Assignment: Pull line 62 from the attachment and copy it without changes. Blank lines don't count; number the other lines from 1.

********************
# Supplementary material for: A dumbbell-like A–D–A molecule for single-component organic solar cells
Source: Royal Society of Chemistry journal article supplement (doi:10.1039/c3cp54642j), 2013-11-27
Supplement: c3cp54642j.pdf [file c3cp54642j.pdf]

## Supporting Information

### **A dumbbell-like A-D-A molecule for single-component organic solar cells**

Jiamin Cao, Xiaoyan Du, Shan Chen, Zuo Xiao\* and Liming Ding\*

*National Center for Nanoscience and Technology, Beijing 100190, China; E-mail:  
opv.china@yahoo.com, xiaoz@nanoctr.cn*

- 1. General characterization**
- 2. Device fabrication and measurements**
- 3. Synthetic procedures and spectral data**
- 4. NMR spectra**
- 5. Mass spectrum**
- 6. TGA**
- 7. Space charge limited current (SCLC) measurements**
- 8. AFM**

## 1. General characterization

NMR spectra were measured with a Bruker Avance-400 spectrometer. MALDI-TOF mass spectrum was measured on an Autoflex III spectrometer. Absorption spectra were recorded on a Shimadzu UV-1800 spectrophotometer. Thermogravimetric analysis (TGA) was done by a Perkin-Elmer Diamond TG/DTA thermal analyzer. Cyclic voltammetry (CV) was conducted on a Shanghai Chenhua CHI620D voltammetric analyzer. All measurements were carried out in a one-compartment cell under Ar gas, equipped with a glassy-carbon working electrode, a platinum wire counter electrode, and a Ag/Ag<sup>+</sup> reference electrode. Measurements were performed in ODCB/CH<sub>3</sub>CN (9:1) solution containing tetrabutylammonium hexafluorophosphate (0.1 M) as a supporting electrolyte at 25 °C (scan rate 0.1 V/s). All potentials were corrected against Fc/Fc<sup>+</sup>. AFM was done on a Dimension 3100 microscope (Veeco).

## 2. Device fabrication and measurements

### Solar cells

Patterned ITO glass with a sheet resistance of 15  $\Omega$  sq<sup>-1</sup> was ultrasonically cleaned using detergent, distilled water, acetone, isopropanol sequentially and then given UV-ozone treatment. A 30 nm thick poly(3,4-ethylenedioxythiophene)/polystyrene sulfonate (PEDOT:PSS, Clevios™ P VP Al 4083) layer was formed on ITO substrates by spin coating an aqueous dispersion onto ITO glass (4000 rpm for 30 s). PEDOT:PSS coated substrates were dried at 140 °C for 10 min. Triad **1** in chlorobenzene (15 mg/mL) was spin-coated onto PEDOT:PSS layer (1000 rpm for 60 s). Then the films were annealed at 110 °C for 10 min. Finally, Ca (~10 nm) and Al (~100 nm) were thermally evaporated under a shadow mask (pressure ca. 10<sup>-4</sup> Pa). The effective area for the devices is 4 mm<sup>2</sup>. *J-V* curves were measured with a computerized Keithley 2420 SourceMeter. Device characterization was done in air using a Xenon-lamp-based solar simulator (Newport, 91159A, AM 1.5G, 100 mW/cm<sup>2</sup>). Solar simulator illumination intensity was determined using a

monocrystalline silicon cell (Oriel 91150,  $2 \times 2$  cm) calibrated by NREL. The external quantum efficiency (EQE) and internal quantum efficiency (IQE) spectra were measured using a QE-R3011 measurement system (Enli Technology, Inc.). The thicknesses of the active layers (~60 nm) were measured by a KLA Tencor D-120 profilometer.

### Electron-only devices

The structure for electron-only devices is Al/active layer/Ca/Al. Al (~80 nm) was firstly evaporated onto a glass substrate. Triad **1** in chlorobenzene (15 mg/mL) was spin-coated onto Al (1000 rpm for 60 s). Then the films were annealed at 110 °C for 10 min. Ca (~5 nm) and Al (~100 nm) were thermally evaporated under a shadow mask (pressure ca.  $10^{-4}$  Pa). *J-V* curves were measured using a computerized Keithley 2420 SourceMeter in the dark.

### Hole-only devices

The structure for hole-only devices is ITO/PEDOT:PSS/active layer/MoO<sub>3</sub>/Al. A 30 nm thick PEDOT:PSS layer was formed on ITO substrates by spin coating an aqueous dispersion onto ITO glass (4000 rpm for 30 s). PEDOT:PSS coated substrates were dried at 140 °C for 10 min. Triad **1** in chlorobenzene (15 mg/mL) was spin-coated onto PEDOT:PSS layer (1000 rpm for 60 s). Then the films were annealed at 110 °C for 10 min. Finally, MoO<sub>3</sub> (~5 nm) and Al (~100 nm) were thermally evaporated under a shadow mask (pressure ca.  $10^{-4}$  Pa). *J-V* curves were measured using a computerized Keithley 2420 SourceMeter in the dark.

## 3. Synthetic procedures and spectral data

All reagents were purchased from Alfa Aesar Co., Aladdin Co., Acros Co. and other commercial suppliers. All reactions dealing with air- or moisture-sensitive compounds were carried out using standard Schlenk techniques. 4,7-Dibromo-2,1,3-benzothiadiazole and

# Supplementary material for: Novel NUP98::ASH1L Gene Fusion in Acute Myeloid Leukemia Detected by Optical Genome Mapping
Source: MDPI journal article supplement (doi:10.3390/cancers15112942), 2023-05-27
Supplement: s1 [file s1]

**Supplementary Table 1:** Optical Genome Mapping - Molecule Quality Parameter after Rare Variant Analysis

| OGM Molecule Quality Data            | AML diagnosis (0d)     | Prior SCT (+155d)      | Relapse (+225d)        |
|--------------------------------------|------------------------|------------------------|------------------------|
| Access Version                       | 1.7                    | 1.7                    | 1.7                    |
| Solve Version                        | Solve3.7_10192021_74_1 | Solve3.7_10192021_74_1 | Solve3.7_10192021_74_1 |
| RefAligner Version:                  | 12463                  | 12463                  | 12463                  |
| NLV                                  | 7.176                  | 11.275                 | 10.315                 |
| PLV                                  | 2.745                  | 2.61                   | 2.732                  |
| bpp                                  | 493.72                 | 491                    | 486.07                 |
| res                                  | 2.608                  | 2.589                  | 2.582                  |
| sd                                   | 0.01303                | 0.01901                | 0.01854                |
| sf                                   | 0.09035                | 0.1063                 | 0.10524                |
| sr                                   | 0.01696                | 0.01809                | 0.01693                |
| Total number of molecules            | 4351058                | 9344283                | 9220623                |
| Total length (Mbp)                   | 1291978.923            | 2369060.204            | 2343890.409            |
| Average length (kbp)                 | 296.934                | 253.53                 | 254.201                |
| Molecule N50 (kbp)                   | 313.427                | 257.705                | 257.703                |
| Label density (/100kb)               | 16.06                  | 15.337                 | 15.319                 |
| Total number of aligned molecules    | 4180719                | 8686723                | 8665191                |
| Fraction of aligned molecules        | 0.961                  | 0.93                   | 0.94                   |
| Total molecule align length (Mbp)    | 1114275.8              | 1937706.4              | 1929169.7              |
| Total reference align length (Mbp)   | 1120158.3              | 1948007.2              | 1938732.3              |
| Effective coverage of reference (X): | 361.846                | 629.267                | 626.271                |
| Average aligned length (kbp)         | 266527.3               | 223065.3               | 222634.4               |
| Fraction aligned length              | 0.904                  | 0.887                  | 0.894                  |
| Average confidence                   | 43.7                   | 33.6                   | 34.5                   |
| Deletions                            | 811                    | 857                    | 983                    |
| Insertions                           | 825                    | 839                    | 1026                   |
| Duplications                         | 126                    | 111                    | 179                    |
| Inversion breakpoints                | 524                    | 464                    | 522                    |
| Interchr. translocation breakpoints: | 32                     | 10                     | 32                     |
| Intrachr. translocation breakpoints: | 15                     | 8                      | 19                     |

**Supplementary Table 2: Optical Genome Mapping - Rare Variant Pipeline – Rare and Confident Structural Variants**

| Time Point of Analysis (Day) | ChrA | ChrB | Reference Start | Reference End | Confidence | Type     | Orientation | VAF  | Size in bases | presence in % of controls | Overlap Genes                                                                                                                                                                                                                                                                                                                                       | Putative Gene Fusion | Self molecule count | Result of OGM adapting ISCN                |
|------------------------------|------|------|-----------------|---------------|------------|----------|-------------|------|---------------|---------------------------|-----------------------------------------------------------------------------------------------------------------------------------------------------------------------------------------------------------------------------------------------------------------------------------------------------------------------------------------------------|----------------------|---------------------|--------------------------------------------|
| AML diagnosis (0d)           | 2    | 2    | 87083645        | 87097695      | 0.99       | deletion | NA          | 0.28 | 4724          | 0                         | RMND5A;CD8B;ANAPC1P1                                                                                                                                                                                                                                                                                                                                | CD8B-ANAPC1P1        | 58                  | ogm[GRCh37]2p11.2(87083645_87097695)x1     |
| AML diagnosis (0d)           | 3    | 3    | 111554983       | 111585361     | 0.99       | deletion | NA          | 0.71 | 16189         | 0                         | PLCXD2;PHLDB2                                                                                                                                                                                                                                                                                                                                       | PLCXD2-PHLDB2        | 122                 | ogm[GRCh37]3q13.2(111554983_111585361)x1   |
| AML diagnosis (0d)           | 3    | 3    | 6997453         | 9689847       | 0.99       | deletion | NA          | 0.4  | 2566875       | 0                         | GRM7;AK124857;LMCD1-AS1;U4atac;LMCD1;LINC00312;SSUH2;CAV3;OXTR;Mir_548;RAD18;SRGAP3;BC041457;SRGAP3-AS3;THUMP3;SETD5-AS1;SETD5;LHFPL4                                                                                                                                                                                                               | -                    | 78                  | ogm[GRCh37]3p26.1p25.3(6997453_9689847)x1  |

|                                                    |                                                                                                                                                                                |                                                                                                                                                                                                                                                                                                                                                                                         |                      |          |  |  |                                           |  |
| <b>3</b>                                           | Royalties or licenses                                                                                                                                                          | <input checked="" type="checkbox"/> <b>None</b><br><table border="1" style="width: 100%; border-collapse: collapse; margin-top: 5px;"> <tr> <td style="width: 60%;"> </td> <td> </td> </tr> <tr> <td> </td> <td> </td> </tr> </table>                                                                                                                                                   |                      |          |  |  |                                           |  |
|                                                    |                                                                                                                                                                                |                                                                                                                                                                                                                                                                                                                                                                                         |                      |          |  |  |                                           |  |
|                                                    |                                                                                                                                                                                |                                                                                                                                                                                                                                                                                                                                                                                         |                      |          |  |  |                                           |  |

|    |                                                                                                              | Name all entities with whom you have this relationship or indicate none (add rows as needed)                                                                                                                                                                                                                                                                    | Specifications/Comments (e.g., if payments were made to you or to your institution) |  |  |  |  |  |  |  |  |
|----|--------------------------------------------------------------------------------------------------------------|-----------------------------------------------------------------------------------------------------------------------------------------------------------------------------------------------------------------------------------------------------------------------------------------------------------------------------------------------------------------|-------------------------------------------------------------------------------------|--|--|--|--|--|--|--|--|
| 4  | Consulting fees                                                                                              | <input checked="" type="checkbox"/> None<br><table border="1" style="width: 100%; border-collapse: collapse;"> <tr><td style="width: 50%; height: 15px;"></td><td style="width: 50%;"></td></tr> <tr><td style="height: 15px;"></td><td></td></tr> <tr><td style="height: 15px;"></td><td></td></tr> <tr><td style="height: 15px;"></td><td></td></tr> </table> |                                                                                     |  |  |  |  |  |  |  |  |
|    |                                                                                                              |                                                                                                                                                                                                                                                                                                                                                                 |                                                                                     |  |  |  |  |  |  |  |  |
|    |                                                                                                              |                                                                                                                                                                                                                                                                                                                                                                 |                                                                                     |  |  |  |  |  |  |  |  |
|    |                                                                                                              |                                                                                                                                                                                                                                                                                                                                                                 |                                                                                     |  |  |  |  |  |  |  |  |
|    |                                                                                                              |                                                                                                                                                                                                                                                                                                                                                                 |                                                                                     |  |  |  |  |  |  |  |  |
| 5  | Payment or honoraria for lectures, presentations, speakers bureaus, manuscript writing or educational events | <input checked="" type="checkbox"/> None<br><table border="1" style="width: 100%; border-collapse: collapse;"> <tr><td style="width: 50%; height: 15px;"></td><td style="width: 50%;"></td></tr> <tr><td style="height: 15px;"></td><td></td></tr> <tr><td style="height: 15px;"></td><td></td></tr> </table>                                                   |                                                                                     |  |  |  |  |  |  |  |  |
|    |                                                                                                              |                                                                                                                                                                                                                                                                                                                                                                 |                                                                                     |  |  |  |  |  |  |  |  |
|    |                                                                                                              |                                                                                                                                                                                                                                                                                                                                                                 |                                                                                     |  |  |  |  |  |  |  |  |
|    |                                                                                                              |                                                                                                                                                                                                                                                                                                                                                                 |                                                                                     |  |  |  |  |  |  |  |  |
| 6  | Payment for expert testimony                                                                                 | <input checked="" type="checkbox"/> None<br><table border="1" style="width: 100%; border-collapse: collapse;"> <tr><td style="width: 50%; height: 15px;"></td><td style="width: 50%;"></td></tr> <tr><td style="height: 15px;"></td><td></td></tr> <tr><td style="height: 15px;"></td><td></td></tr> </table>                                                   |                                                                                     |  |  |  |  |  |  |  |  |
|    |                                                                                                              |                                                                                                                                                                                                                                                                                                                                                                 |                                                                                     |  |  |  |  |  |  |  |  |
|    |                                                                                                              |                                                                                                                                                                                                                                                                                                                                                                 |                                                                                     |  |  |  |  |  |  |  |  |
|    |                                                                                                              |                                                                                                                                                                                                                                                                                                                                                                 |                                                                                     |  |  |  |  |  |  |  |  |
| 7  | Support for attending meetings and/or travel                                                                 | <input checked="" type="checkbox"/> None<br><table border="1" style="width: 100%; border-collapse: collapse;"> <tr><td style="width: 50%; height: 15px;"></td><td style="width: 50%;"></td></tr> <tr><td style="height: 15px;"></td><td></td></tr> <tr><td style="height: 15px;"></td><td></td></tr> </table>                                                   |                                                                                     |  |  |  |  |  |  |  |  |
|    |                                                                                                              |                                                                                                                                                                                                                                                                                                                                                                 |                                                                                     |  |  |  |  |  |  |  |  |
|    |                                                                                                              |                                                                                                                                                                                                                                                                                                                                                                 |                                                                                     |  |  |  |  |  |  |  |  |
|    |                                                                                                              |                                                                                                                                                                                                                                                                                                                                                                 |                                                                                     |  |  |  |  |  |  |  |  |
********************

| Interchr. translocation breakpoints: | 32                     | 10                     | 32                     |